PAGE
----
Discover science and spectacle of solar eclipses with astronomers from the Royal Observatory Greenwich
An eclipse of the Sun occurs when the Moon comes directly between the Sun and the Earth.
During a solar eclipse, the Earth is basically in the Moon's shadow.
Because the Moon is much smaller than the Earth however, its shadow only covers a small area of the Earth's surface. Any solar eclipse therefore will only be visible from a certain region on Earth.
Learn more about eclipses with astronomers at the Royal Observatory Greenwich.
Sign up to our space newsletter for exclusive astronomy news, guides and events
The type of solar eclipse depends on the relative positions of the Sun, Earth and Moon, as well as where exactly on Earth you're watching from.
A total solar eclipse happens when the Moon completely covers the face of the Sun, and observers are within the darkest part of the Moon's shadow (its umbra). Areas covered by partial shade (its penumbra) witness a partial eclipse.
Annular solar eclipse: When the Moon is not at its closest to the Earth, its apparent diameter is less than that of the Sun. Even where the Moon's disk obscures the Sun centrally, the outer ring of the Sun's disk is still visible. This is called an annular eclipse.
A partial solar eclipse happens when the Moon passes between the Sun and Earth but the Sun, Moon, and Earth are not perfectly aligned.
There are between two and five solar eclipses each year with a total eclipse taking place every 18 months or so.
Total solar eclipses are seen every 400 years from any one place on the surface of the Earth.
The last time the path of an eclipse's totality went over the UK was in 1999. This was one of the most viewed total solar eclipses due to its path falling on areas of high population density.
However, many areas of Western Europe were affected by poor visibility due to clouds. In some places, the clouds frustratingly parted after the eclipse had passed, but others were luckier with the clouds parting just in time.
Many people went to view the eclipse in Cornwall, the only place in the UK to witness totality, with the BBC broadcasting from Cornwall's western end where the eclipse would come first.
See the October 2022 partial solar eclipse with astronomers from the Royal Observatory Greenwich
Find out more
As always, with any observing event involving the Sun, it should never be looked at directly without the appropriate filters.
If you want to look at an eclipse directly and safely there are a couple of options.
How to make a pinhole projector
Our Sun runner-up | Insight Investment Astronomy Photographer of the Year 2020
Judges' comments: One thing you often notice during an eclipse is how quiet everything becomes. Solar eclipses are calm, serene moments. This stripped-back image captures that serenity perfectly. The calm glow behind the silhouetted hills is all that is needed.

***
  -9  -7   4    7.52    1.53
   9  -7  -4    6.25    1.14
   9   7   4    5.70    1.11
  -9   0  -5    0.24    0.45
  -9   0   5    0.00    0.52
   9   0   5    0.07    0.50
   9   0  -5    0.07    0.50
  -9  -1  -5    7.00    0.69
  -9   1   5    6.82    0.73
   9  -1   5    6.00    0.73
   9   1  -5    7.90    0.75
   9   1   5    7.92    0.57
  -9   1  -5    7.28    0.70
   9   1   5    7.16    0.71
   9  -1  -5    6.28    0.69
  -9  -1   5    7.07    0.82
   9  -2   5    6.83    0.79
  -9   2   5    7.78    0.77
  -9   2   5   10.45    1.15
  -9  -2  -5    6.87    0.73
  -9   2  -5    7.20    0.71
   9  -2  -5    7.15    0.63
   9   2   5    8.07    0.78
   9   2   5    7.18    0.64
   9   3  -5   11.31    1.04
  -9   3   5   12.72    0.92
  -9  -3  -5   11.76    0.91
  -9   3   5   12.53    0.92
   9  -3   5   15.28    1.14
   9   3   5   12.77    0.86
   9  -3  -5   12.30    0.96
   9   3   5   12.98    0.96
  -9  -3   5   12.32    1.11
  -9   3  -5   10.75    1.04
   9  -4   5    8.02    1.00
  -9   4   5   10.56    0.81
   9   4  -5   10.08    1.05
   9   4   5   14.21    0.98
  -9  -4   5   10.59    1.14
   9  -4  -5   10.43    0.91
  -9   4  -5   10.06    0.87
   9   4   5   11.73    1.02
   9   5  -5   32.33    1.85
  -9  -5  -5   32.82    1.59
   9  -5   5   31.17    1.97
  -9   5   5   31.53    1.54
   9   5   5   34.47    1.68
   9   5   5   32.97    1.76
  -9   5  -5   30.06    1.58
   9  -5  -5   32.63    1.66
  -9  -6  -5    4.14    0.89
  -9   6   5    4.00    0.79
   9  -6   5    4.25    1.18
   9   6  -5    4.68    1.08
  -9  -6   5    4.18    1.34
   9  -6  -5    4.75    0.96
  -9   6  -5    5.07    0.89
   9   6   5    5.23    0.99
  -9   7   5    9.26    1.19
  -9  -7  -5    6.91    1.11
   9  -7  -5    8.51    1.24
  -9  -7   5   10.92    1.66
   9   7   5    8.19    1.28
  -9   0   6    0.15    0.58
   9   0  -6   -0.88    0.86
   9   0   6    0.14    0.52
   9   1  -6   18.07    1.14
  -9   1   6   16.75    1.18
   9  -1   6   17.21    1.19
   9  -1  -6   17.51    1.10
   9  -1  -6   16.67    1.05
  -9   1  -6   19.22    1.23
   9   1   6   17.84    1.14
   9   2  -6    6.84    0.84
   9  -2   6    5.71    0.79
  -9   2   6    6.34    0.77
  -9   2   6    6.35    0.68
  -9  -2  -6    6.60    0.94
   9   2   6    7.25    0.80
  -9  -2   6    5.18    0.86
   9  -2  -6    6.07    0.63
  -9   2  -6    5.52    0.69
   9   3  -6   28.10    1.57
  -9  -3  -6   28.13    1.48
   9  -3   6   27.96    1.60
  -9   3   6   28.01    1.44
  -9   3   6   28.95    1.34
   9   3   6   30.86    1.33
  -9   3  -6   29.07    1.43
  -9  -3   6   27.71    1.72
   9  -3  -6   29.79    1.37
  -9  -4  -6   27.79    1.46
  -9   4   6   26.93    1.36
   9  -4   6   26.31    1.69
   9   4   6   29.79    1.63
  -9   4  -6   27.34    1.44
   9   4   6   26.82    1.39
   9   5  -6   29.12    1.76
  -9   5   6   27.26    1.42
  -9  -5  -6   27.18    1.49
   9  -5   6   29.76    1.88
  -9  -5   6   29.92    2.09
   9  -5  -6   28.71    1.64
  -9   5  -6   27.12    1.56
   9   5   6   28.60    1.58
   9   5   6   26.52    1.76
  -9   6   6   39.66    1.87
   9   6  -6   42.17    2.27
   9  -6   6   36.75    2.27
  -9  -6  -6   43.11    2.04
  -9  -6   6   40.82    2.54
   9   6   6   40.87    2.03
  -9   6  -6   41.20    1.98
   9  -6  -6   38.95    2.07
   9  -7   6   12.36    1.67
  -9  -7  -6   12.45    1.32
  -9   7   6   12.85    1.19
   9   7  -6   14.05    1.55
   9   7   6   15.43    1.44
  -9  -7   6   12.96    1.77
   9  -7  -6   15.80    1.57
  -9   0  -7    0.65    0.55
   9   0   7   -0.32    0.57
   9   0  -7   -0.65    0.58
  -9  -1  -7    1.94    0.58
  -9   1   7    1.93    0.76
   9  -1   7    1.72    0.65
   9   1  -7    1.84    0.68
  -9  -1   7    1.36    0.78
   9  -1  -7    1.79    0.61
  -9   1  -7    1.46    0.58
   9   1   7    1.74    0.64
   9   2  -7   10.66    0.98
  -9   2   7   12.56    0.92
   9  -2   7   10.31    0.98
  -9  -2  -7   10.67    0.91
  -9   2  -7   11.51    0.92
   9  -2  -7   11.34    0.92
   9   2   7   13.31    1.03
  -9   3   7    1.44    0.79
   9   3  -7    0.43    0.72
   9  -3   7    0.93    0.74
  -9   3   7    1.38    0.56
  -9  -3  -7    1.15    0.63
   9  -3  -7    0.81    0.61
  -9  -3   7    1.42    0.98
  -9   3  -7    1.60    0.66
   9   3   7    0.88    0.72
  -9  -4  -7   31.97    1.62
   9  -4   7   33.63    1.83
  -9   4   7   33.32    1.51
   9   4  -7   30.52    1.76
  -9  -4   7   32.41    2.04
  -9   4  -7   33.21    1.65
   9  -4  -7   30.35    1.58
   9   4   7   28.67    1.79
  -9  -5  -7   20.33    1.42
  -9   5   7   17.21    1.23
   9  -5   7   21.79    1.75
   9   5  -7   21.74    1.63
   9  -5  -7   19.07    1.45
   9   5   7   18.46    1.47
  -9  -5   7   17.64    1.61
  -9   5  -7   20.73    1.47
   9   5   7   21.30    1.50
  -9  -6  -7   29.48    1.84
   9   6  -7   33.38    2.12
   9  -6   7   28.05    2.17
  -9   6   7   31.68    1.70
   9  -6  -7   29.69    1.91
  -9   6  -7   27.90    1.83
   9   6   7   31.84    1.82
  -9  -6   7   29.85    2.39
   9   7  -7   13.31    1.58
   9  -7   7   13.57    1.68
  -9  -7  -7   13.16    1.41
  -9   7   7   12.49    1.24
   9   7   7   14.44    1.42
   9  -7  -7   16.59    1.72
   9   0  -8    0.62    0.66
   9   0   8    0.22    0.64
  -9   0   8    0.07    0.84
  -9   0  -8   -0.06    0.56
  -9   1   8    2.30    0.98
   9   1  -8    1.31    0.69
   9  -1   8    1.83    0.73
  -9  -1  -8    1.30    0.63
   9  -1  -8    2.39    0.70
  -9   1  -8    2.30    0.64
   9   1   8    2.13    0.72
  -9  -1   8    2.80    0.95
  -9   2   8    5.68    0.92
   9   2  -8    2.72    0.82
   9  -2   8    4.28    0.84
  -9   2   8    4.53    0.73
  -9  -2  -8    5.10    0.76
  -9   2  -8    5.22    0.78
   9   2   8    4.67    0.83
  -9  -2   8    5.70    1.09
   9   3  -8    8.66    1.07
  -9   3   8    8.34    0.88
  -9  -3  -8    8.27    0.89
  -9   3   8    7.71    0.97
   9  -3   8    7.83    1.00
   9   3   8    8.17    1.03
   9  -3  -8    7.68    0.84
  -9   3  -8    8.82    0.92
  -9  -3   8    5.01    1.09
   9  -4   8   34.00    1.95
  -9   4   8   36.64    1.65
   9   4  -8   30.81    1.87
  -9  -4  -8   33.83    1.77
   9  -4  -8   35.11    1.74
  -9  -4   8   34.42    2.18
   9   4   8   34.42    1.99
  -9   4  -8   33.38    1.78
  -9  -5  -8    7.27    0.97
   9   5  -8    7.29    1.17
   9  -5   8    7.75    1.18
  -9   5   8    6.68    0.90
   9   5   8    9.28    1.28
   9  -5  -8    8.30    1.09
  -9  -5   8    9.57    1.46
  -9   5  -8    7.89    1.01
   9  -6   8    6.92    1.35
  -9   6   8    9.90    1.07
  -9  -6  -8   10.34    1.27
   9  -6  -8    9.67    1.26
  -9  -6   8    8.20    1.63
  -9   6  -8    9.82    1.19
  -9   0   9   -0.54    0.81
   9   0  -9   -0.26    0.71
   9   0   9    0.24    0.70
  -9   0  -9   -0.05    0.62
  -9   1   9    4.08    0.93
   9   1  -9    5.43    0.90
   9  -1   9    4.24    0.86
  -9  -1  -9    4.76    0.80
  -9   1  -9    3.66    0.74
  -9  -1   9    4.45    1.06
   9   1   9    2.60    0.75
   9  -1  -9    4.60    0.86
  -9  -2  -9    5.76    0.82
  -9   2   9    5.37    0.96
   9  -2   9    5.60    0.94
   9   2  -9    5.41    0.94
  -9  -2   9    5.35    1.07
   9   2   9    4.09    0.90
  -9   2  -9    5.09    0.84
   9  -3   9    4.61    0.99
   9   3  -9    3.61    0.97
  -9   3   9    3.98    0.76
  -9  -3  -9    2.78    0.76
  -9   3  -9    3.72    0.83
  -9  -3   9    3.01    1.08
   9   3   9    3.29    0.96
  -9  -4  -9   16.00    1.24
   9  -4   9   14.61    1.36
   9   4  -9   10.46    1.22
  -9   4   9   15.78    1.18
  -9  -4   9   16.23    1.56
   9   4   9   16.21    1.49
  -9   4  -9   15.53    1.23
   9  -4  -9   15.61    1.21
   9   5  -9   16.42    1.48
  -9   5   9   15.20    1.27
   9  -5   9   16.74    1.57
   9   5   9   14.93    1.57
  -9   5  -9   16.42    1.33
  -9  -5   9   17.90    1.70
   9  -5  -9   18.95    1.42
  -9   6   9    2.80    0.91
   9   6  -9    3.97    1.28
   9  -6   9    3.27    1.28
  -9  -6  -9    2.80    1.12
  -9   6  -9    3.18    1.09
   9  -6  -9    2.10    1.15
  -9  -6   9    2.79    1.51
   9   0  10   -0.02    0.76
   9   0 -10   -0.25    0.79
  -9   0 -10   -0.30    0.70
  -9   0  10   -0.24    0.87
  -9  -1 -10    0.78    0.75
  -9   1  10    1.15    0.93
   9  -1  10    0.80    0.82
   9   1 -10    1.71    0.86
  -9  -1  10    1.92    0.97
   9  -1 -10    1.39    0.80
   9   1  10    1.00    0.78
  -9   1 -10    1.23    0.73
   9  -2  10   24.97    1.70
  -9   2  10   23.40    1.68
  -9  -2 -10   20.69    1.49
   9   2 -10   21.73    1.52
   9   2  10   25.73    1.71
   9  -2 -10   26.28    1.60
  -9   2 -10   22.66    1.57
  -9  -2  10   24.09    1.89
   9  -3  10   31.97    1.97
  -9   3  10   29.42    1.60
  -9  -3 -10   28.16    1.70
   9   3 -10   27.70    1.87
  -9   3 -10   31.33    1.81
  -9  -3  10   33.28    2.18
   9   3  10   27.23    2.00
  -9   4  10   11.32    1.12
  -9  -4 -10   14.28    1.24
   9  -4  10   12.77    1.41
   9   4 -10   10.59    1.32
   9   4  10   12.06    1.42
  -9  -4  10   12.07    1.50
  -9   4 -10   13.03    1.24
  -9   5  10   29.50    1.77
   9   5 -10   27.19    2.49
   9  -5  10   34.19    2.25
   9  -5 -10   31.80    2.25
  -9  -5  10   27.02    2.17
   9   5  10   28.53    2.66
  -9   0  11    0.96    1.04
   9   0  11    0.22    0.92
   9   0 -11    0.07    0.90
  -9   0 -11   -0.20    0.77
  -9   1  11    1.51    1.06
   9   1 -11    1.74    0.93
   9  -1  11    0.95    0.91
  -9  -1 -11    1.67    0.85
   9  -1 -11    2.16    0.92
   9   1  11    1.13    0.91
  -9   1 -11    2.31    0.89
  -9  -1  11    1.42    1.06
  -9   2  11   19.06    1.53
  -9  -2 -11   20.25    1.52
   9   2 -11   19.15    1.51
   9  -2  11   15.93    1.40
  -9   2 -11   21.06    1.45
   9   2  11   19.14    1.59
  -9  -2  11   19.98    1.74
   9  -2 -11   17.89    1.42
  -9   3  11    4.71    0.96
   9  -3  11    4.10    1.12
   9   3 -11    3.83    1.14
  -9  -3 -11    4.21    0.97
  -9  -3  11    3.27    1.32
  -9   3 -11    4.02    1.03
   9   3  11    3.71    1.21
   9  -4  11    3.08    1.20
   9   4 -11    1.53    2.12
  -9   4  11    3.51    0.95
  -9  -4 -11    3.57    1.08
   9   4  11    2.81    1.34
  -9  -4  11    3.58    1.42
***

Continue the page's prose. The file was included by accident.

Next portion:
9 March 2016 | Tidore, Maluku Islands, Indonesia
Melanie says: A group of us went to Indonesia primarily to view the eclipse, but saw many other amazing things too, such as volcanoes and orangutans. We were very lucky. The wet weather cleared in the morning to reveal a hot sunny day, before cloud again came over towards the end of the eclipse. This was my first ever total solar eclipse, and so the first time I have ever taken a photo of it. I am so glad I was able to take a picture of totality and the diamond ring. What an experience it was, one I most certainly will never forget.
9 March 2016 | Luwuk, Central Sulawesi, Indonesia
Yu Jun says: I took a series of photos of the 2016 total solar eclipse in Luwuk, Indonesia and stacked them to show the dramatic Baily’s Beads formation. I used shots from the second and third stages of the solar eclipse, which are when Baily’s Beads can be seen. Baily’s Beads occur as the Moon passes in front of the Sun. From Earth it seems like the sunlight seen around the edge of the Moon is broken into fragments because the uneven lunar surface obscures some of the light. This creates the illusion of a string of beads encircling the Moon. Sometimes at this stage you can also see what is called the ‘Diamond Ring Effect’ where only one bead of light is prominent.
Ancient myths from many cultures around the world have explained eclipses as a time when an animal or demon eats the Sun or Moon.
Even today, modern superstitions exist surrounding eclipses, with some believing that they could harm pregnant women. Scientists have debunked these modern superstitions; the only precaution you need to take is protecting your eyes when viewing the Sun.
For the Ancient Greeks, an eclipse was a bad omen, spelling death and destruction caused by an angry god.
The Pomo, an indigenous people from the north western United States, tell a story of a bear who started a fight with the Sun and took a bite out of it.
When on an island northeast of Cuba, Christopher Columbus correctly foretold a total lunar eclipse, using his knowledge to play on the native people’s superstitions and persuade them to give him and his men food.
Eclipse has been a popular name for ships in the Royal Navy, with eight in total taking the HMS Eclipse title. The first of these ships was a 12-gun, 169-ton gunboat launched at Blackwall on 29 March 1797. The most recent was an E-class destroyer launched at Denny on 12 April 1934 and sunk by a mine in the Aegean Sea on 24 October 1943. This is its boat badge, held in our collection at the National Maritime Museum.
Main image: The Annular Eclipse over Lahore © Roshaan Nadeem | Astronomy Photographer of the Year 2021